United Nations Headquarters
New York, New York 19 April 2005
It is my great pleasure to welcome you to the inaugural presentation of the UNEP Champions of the Earth Award.
Each of the seven Champions that we are honouring here tonight is an outstanding leader in the field of the environment.
Between them they represent all regions of the world and all sectors of society.
Together they are setting the environmental agenda, providing inspiration for action, and laying the foundations for a better future.
When UNEP decided to establish a new award we had a very clear purpose.
We wanted to recognize prominent and inspirational examples of environmental leadership.
We were looking for champions.
What is a champion?
Quite simply, someone who fights for, defends or protects.
Ladies and gentlemen,
It is less than a month since the UN released the Millennium Ecosystem Assessment.
It is yet more evidence that human activities are harming the life support system that we all depend on.
The world is crying out for champions who will fight for, defend and protect the natural riches that we have for too long taken for granted.
Fortunately, there are such champions who are making a real difference.
Eric Falt, UNEP’s Spokesperson and Director of Communications and Public Information, will describe the winners in greater detail.
But let me say a few, personal words about each one.
I am delighted to see the distinguished representative of Bhutan.
Last year my wife and I visited your fairy tale Kingdom and met some of your noble people.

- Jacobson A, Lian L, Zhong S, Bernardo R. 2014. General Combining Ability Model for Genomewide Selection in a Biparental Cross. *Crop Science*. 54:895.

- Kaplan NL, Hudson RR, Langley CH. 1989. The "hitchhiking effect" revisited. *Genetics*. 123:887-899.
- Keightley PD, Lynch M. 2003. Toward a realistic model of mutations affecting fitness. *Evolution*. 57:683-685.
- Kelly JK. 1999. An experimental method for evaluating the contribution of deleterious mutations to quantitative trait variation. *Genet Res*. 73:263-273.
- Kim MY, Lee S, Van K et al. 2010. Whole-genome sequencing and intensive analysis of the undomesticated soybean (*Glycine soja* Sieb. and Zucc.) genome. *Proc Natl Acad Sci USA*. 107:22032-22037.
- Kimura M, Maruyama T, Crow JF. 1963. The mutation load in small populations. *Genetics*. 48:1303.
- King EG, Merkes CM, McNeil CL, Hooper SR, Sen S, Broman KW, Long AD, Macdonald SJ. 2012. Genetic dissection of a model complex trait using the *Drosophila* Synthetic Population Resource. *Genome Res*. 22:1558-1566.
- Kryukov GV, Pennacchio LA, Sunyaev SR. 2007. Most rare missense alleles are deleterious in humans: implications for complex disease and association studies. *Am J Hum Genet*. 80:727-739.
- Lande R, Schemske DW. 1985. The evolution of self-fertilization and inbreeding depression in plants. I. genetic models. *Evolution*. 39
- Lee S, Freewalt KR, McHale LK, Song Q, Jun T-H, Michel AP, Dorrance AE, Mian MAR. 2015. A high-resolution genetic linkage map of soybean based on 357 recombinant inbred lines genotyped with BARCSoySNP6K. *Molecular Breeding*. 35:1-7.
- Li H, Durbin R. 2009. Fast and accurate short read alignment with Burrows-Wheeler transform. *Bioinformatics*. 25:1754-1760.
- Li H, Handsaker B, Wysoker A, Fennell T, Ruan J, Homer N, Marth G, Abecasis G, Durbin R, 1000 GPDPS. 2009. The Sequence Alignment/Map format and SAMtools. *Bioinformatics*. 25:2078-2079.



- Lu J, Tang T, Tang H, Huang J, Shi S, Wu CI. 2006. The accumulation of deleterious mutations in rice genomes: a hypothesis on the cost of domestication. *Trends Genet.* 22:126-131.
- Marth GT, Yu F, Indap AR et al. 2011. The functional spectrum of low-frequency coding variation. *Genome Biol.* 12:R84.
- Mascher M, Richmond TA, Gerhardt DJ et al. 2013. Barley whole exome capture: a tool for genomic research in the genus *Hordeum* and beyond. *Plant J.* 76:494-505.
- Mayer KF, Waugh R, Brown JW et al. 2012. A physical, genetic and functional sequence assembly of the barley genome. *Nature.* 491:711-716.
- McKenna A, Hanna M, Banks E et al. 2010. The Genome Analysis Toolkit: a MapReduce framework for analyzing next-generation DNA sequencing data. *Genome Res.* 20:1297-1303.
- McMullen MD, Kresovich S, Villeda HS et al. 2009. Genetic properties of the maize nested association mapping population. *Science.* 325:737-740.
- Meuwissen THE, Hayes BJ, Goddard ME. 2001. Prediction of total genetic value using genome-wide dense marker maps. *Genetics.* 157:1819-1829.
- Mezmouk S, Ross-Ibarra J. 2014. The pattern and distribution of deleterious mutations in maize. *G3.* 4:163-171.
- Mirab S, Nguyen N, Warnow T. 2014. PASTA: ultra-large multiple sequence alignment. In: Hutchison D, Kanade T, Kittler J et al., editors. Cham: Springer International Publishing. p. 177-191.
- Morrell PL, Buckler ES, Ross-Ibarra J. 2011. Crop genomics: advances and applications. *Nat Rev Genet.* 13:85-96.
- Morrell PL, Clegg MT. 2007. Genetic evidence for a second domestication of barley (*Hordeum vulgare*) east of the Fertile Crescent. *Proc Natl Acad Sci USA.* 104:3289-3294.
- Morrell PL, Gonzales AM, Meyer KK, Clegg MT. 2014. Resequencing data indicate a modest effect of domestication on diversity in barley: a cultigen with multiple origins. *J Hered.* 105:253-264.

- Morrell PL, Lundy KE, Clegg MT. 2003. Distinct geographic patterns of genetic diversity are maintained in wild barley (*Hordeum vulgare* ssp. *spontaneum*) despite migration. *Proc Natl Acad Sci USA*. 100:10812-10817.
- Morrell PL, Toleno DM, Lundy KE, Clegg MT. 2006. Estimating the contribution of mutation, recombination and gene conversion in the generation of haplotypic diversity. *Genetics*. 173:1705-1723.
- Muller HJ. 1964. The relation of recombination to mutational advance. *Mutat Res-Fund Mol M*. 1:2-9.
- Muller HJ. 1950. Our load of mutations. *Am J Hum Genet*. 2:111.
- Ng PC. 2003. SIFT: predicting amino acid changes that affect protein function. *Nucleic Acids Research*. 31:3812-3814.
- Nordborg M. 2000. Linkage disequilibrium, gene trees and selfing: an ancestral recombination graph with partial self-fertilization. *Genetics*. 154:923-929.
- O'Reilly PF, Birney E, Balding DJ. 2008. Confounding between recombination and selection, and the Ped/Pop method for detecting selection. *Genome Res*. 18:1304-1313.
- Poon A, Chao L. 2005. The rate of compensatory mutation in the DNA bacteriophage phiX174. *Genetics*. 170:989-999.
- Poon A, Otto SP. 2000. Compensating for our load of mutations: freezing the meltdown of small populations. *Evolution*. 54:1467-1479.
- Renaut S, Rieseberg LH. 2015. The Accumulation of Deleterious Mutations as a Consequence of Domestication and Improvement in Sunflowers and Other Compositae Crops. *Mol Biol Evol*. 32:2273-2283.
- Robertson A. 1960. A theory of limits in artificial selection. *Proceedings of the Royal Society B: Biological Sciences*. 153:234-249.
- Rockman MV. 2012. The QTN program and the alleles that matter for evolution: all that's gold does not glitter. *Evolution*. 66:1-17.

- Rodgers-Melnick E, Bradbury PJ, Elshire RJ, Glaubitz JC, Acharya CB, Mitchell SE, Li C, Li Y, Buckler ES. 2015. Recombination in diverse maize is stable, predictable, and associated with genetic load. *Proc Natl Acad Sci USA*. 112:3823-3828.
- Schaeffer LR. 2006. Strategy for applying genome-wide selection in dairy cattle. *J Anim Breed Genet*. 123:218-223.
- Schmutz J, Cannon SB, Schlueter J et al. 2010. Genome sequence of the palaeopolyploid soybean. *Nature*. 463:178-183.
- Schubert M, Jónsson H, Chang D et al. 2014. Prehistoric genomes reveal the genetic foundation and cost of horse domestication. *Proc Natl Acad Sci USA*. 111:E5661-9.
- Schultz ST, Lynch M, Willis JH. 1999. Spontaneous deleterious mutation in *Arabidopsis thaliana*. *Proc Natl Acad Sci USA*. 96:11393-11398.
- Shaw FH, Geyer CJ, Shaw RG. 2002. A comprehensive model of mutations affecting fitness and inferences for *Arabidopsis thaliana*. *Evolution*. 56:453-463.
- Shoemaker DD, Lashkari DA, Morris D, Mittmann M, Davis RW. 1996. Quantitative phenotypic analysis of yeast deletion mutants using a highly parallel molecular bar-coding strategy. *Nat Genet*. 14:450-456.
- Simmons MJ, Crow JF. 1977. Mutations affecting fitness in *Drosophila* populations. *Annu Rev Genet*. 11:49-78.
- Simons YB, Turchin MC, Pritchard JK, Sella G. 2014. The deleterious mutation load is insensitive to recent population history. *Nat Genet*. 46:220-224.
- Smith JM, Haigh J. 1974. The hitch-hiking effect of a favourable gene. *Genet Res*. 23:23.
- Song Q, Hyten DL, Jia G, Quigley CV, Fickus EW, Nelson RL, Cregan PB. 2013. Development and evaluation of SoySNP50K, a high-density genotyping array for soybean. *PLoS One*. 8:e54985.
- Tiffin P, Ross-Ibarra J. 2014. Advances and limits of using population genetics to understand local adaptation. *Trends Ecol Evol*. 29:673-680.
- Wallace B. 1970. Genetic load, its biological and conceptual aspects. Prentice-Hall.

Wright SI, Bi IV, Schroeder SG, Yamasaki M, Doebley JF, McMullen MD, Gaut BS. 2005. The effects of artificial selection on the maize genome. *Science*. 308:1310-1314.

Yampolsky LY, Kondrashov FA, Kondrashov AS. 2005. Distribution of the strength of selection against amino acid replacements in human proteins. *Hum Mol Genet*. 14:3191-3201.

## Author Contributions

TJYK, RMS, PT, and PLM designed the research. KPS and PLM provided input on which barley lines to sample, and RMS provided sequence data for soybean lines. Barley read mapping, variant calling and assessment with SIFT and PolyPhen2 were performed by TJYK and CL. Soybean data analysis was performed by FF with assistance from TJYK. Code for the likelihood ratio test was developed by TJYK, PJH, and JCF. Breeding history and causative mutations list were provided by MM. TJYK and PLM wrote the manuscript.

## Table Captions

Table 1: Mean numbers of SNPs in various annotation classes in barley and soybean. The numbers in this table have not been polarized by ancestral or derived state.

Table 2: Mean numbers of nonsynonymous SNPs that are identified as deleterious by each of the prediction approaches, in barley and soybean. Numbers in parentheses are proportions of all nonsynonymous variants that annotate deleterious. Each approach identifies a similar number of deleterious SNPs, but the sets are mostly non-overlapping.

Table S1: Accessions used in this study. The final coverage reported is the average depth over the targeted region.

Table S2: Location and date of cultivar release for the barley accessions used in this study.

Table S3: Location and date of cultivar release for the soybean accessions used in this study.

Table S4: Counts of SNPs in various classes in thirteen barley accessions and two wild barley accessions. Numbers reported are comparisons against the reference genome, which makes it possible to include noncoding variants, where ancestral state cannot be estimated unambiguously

I will never forget the hospitality.
In giving your King and your people this award, the world will hopefully never forget the extraordinary achievements of your country in areas such as forest conservation and eco-tourism.
I am also delighted to see the United Arab Emirate’s ambassador to the UN.
Only yesterday I was in Dubai to present personally and posthumously our trophy to His Highness Sheikh Khalifa Bin Zayed Al Nahyan, Sheik Zayed’s eldest son.
Sheik Zayed was a truly remarkable man and a beacon of environmental stewardship in his region and around the world.
It is fitting that UNEP’s next special session of the Governing Council will be held in 2006 in Dubai also in the International Year of Deserts and Desertification.
I first met the now President of South Africa, Thabo Mbeki, over a decade ago when I was German environment minister.
The political and social changes in that country since then have been truly astonishing.
Proof that the human spirit can conquer all, overcome all inequalities and indignities.
Now the President and the people of South Africa are championing the Earth.
The Johannesburg Plan of Implementation of the World Summit on Sustainable Development is one of the essential blue prints for delivering the Millennium Development Goals.
This 20-strong South African delegation, including Marthinus van Schalkwyk, Minister of Environmental Affairs and Tourism, underlines the importance to this country of the environment.
Only some weeks ago UK finance minister Gordon Brown at a meeting of the G8 said: “If our economies are to flourish, if poverty is to be banished….we must make sure we take care of the natural environment and resources on which are economic activity depends”.
Greetings too to His Eminence Archbishop Demetrios of America.
Here to receive the prize on behalf of His All Holiness Ecumenical Patriarch Bartholomew—our European winner.
We need the wisdom of all the world’s faiths and spiritual and indigenous beliefs to achieve the vision of sustainable development.
We need the tolerance and understanding so often expressed by this ‘the Green Patriarch” if we are to unite the peoples of the world in our common cause.